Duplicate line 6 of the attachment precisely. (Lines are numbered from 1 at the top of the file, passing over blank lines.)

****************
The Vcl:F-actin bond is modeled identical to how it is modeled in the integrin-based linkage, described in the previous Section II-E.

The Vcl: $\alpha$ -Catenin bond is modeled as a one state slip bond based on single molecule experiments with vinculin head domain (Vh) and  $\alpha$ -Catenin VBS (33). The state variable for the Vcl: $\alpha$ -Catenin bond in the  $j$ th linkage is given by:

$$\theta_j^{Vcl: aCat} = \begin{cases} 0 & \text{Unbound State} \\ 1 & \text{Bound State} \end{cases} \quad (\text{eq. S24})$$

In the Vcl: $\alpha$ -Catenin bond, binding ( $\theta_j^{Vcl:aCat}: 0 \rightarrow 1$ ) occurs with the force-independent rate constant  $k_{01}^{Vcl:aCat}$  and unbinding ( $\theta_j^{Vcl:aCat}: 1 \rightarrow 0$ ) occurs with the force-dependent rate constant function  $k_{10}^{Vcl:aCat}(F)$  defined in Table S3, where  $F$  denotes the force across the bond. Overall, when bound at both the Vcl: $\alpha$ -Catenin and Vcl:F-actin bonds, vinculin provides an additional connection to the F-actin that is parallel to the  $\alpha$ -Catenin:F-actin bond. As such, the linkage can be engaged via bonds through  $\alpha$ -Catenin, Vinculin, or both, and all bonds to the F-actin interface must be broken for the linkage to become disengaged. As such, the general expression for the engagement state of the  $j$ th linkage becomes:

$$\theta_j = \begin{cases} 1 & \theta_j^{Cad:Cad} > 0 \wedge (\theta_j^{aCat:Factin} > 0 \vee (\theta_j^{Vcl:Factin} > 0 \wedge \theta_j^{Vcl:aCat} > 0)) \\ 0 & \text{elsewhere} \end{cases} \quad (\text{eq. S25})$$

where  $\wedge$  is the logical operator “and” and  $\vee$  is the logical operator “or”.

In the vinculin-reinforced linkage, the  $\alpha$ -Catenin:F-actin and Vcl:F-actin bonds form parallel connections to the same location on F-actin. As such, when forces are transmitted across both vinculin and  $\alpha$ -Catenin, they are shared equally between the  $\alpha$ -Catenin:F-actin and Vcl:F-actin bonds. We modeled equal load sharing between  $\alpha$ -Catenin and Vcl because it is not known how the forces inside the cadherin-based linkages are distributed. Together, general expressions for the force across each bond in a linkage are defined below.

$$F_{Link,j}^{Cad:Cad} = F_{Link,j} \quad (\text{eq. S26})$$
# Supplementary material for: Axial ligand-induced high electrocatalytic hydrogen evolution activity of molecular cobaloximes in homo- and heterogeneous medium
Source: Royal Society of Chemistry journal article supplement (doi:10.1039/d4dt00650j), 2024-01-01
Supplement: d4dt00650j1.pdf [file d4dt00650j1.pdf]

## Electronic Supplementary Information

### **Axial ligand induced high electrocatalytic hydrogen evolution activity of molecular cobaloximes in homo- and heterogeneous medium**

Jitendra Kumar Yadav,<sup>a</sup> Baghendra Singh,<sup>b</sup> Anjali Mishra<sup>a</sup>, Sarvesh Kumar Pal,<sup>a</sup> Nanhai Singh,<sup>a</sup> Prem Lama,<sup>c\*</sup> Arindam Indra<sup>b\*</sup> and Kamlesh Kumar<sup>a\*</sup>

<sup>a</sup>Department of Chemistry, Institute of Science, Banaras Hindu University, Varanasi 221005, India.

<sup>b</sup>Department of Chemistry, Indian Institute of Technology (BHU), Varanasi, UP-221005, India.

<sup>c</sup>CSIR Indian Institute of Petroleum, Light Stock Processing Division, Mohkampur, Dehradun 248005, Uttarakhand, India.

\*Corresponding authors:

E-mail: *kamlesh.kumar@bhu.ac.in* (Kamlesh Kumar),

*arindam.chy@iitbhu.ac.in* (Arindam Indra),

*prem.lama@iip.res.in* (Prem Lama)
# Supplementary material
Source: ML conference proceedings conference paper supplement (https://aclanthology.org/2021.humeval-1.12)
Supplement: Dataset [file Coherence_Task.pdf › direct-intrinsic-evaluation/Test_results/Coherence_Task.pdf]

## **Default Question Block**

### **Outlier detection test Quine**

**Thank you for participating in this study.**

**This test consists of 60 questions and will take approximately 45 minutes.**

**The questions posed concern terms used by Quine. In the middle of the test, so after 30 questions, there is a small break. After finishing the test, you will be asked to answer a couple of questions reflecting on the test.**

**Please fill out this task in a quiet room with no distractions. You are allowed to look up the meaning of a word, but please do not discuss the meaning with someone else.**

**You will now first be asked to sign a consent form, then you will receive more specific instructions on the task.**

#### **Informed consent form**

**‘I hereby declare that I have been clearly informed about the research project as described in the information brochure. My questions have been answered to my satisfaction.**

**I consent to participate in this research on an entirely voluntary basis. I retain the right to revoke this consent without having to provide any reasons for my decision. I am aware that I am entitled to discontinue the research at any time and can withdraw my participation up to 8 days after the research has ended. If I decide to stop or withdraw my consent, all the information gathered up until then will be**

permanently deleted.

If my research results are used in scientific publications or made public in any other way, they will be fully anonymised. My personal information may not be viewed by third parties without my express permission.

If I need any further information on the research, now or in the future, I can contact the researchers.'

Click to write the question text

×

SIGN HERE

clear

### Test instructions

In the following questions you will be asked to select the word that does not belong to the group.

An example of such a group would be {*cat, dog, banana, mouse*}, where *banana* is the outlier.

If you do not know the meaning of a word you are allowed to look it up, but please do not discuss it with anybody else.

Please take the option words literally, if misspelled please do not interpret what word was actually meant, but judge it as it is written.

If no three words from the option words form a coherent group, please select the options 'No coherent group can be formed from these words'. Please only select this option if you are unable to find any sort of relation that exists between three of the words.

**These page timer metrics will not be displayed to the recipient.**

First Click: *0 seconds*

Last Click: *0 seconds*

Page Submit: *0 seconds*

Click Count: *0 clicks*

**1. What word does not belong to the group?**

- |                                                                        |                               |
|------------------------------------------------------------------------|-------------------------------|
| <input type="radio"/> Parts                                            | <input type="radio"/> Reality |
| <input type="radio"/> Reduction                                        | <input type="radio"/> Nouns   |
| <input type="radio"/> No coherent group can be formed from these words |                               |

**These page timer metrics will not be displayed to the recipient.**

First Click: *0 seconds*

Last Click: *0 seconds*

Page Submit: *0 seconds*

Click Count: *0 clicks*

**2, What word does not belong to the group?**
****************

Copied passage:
where  $\wedge$  is the logical operator “and” and  $\vee$  is the logical operator “or”.